We get the question time and time again, “What is a good bounce rate?”
Sigh, the bounce rate. It’s the one piece of data from Google Analytics that still causes a lot of confusion. If you don’t know, the very simplified definition of a bounce rate is the percentage of visitors that arrive on a page of your website and then leave, without browsing other pages. If you think about it, they literally bounce from your website to somewhere else on the Web. The higher the percentage, the more bouncing.
When browsing Bop Design’s analytics, our monthly bounce rate is usually in the 60 – 70% range. Taking bounce rate at face value, one would deduce that many of our visitors aren’t spending time on our site and panic ensues. This way of thinking though doesn’t take into account the type of website BopDesign.com is and how individuals are expected to use it.
Depending on your website, a high bounce rate isn’t necessarily a bad thing. Here are some factors that contribute to an overall high bounce rate:
If your website has conversion options as a method of lead capture—such as newsletter signup pages, free trial downloads, coupons and more—then these pages will naturally have a high bounce rate. The entire point of these pages is for an individual to complete a form, receive an item and go on their way. Hopefully you have steps in place to follow up with them and bring them back another time.
Our website features a blog, which we update on a weekly basis. It’s great for attracting new visitors and improving our SEO. We also ensure we have options in place for a visitor to read more (e.g. related blogs links to read at the bottom of the blog posts) or links to different places of our website (e.g. view our portfolio, download a content offer). Still, some visitors are simply interested in reading the piece of content, educating themselves and continuing on their way.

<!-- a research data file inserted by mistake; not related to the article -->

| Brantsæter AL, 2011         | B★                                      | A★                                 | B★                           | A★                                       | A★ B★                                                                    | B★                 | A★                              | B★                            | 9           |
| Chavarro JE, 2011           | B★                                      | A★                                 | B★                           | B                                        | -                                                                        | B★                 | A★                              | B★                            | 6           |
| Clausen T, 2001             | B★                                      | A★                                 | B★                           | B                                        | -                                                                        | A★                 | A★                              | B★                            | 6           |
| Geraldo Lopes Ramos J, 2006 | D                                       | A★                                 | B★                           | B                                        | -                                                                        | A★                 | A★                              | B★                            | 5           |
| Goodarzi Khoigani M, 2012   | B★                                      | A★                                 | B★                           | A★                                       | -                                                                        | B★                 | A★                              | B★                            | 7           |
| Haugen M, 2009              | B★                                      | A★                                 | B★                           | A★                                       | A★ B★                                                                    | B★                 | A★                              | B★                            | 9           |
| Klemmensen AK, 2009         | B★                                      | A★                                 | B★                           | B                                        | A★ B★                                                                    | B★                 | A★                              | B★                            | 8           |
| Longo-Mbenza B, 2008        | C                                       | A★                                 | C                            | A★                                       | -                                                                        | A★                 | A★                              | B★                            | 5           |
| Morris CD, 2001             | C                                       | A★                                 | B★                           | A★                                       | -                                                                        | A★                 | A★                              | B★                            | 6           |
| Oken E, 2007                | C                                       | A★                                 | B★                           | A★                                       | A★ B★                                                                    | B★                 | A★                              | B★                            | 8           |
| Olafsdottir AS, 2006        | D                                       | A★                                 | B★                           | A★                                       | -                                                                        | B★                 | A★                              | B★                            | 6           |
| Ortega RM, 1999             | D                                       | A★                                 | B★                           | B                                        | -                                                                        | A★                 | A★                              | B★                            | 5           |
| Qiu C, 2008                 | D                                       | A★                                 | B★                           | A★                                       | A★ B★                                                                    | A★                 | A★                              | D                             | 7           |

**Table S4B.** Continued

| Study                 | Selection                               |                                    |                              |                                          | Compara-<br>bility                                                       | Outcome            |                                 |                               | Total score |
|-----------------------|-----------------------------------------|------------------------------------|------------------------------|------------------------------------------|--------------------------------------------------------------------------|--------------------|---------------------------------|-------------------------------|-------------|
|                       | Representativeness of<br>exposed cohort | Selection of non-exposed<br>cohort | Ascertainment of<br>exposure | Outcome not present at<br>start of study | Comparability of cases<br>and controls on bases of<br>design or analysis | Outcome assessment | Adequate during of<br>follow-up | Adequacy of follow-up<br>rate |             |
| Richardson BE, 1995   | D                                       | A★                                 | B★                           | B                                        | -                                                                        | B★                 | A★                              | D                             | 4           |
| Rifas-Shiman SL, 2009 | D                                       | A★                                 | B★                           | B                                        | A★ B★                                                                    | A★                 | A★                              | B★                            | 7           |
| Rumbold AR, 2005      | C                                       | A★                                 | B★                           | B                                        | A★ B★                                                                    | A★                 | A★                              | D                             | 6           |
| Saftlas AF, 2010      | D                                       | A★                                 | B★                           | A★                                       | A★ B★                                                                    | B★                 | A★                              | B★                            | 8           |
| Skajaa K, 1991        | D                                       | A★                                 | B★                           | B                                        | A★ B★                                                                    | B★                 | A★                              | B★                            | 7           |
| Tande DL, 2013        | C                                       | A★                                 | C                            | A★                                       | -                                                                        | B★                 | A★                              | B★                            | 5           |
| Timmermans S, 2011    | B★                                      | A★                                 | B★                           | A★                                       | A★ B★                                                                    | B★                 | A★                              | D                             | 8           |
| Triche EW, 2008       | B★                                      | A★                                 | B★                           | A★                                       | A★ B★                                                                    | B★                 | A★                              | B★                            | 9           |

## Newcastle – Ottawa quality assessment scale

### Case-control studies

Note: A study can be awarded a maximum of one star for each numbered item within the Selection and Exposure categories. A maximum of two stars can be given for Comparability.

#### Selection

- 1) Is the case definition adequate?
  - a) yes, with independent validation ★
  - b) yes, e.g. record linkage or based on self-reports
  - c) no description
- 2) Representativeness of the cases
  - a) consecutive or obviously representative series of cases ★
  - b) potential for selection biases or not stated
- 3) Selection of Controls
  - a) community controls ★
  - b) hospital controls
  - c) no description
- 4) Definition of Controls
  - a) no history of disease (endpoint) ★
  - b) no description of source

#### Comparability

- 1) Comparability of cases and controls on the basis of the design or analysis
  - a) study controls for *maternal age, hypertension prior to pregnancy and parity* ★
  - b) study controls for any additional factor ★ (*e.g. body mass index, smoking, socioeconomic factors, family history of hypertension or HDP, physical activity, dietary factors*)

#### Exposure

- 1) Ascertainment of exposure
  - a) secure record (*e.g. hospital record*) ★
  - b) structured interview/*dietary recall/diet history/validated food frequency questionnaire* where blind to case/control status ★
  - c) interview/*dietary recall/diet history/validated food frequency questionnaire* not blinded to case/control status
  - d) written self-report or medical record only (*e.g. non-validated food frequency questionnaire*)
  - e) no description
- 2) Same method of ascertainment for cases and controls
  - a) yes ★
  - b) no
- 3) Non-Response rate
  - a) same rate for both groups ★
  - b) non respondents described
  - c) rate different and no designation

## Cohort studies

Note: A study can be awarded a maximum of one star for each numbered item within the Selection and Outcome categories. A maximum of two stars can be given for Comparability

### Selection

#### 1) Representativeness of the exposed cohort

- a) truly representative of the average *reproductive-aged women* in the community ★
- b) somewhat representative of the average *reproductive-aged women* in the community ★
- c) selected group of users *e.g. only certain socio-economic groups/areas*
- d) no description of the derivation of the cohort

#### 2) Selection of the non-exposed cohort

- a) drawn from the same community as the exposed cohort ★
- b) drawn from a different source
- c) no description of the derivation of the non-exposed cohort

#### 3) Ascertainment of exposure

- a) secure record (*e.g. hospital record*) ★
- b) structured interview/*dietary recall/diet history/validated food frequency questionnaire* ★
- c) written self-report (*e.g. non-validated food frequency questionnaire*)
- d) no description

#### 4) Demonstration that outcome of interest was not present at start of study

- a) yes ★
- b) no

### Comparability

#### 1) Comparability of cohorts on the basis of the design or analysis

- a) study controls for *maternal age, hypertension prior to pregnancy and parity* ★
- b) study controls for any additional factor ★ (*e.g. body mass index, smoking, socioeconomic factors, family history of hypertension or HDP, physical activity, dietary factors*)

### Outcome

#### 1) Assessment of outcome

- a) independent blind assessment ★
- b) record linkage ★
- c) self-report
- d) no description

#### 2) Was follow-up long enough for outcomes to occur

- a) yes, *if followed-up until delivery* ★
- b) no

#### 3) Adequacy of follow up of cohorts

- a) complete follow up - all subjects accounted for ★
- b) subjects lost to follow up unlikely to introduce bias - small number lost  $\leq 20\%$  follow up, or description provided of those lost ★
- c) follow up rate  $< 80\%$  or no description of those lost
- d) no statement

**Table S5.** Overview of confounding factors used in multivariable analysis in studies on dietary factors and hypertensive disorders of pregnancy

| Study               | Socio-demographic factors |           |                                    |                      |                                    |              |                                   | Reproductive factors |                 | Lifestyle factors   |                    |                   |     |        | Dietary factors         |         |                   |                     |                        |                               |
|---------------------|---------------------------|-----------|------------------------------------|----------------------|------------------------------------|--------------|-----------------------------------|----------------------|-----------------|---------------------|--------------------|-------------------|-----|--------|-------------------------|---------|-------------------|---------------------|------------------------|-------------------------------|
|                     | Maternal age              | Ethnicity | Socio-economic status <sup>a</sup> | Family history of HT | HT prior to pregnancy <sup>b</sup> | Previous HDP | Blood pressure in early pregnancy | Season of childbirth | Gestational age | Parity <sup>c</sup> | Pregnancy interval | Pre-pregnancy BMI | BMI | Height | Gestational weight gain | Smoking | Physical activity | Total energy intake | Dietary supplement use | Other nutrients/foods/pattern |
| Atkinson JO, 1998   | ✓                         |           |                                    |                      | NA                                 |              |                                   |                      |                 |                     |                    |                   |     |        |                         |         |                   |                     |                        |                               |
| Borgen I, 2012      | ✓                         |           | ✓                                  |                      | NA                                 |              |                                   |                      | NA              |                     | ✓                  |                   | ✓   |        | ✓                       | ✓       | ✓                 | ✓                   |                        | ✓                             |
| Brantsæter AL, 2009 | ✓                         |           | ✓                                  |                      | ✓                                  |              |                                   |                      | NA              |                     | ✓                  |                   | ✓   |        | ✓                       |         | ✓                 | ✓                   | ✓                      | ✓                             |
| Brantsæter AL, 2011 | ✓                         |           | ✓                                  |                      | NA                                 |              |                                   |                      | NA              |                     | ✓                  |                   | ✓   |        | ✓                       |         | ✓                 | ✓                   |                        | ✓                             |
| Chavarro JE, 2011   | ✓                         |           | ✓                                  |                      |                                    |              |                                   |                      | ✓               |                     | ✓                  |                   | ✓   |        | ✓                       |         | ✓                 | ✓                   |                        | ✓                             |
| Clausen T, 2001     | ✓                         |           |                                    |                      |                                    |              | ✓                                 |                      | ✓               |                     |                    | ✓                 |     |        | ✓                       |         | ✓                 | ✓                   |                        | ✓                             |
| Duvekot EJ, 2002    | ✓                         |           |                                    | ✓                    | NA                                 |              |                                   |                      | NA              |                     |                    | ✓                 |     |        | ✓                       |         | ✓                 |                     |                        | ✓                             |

Traffic from Twitter
Many referral visits from social media result in higher bounce rates, but we’ve noticed with our websites that Twitter consistently outranks any other social media platform. This is due to the nature of a Twitter user—short bites of content result in visitors who are only interested in gleaning the page they clicked on and then returning to Twitter.
High Organic Traffic
Oftentimes a website with a high percentage of organic traffic will experience a higher bounce rate, especially if your business is niche but could be categorized under a broader term (and who doesn’t think their business is special from everyone else?). For example, recruitment firms that only operates in specific industries or consultants for particular business models. General keyword searches could still pull your website, resulting in an individual reading about your expertise, deciding you’re not the right fit and leaving.
A website with a higher percentage of mobile visits can also experience a higher bounce rate, especially if your website isn’t responsive or mobile optimized. This is common as a mobile use is typically on the go or multitasking, meaning less time is spent browsing a website.
So what should you be measuring instead of bounce rates? We’re glad you asked:
- Average time spent on site – if visitors typically bounce from this landing page, but are spending a minute or longer on the page, that means they’re taking the time to read your copy.
- Recurring visits – if direct traffic from your website is bouncing, check to see how many are returning visitors and determine what is making those visitors bounce each time.
- Landing pages – see what pages your visitors are bouncing from most and make the small modifications needed to improve that number. As we said, some pages have a high bounce rate by nature (e.g. landing pages, blog posts), but it higher authority pages such as your homepage or services pages are experiencing a high bounce rate then you should examine carefully why they’re leaving.